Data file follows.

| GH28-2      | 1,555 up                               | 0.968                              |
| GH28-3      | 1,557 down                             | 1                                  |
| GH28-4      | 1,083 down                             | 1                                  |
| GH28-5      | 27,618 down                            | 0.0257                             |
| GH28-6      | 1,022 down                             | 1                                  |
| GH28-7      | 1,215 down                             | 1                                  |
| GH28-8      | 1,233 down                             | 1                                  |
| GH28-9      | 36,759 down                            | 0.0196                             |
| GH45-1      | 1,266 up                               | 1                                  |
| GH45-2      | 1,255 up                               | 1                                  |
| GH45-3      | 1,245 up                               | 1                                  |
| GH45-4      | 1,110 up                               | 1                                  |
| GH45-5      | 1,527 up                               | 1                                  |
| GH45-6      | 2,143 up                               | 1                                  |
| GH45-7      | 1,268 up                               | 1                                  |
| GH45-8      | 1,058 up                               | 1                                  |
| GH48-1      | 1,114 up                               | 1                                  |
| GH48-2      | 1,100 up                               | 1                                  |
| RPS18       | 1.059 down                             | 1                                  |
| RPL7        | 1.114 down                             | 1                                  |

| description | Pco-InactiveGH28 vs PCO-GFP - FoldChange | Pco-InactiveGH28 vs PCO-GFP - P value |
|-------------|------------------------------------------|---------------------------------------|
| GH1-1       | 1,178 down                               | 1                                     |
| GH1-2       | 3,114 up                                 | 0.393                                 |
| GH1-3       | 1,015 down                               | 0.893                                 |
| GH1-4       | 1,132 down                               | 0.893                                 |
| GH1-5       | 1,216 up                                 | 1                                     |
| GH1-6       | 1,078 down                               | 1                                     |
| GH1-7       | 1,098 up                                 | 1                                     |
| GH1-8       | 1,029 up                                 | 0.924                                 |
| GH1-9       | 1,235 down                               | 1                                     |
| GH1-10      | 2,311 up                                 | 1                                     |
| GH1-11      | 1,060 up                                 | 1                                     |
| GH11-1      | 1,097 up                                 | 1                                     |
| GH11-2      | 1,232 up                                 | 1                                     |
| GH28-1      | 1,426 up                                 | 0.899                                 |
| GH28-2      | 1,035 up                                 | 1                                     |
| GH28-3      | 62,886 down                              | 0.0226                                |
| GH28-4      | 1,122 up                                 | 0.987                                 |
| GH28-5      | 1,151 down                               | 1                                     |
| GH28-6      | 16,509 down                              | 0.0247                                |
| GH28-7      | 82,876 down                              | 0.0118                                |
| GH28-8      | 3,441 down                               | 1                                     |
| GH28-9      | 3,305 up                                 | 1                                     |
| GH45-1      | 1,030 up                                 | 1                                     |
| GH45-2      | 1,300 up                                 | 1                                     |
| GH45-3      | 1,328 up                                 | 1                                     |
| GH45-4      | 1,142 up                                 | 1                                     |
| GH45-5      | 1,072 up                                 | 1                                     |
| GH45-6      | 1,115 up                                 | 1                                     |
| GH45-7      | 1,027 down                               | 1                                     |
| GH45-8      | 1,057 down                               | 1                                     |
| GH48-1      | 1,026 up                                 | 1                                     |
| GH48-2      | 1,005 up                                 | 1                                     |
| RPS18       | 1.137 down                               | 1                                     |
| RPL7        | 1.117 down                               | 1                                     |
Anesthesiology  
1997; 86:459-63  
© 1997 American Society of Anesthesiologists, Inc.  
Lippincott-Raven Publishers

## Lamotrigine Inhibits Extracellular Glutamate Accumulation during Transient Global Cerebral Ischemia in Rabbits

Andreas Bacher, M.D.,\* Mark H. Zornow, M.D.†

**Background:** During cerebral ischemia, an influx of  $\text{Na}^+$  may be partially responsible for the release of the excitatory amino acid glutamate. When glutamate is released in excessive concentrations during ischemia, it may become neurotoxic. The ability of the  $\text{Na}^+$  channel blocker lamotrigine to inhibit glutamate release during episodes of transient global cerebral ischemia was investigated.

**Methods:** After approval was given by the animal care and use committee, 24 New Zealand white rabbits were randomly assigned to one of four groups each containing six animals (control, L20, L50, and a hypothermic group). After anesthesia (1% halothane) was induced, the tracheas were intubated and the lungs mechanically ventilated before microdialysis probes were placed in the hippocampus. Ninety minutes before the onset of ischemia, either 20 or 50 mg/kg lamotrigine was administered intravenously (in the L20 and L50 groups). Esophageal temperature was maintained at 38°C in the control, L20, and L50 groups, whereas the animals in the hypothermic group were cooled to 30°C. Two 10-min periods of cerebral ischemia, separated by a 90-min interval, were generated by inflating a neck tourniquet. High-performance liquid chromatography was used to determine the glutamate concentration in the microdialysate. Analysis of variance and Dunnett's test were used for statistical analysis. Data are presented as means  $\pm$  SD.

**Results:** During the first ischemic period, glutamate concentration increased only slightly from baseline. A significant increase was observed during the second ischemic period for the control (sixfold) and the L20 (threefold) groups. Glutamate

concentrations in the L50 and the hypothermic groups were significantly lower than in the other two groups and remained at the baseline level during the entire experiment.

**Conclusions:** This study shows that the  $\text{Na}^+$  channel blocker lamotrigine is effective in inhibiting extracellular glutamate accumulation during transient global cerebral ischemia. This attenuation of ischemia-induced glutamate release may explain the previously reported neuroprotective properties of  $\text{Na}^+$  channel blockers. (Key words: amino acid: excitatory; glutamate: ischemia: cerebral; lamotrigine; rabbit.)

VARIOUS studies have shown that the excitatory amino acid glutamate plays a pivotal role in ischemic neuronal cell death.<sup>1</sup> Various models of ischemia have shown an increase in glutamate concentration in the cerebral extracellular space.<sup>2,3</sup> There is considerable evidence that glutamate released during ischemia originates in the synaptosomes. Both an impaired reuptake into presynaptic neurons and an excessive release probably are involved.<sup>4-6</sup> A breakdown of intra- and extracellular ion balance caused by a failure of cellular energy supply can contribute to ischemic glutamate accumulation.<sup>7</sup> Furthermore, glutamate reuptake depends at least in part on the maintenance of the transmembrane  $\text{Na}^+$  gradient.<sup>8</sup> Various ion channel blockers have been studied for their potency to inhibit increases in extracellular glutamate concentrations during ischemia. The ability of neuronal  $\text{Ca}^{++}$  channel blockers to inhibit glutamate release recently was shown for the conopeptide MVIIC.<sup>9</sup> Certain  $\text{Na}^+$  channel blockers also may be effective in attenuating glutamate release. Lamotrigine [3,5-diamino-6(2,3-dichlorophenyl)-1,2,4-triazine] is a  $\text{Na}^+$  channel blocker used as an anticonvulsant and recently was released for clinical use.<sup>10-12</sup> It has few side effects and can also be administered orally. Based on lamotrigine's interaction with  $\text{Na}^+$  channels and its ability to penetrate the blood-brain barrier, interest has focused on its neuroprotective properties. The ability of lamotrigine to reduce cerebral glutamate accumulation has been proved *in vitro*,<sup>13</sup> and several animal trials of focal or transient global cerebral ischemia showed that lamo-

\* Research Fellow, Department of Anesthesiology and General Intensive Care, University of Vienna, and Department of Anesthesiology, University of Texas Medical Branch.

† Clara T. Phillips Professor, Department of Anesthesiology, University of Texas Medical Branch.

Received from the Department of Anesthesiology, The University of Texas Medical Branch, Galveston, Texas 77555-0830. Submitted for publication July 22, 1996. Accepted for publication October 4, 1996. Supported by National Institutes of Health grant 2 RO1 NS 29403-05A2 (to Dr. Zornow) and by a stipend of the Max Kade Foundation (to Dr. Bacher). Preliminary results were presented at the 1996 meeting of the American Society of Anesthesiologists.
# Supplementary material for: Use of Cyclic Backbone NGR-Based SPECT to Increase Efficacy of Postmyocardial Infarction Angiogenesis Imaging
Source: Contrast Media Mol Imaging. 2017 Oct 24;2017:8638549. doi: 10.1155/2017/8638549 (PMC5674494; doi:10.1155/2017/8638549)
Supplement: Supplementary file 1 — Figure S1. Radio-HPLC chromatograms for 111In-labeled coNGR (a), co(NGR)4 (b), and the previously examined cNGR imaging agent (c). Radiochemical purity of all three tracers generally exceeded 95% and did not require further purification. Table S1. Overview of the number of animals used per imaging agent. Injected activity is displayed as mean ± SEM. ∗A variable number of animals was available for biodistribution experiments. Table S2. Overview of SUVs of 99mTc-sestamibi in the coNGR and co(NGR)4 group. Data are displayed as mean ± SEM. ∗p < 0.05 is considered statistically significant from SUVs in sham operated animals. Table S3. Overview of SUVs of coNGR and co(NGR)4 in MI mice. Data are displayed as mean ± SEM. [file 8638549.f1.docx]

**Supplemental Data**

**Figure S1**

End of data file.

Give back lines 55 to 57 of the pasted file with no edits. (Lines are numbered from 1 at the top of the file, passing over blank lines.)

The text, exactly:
| RPS18       | 1.137 down                               | 1                                     |
| RPL7        | 1.117 down                               | 1                                     |
Anesthesiology  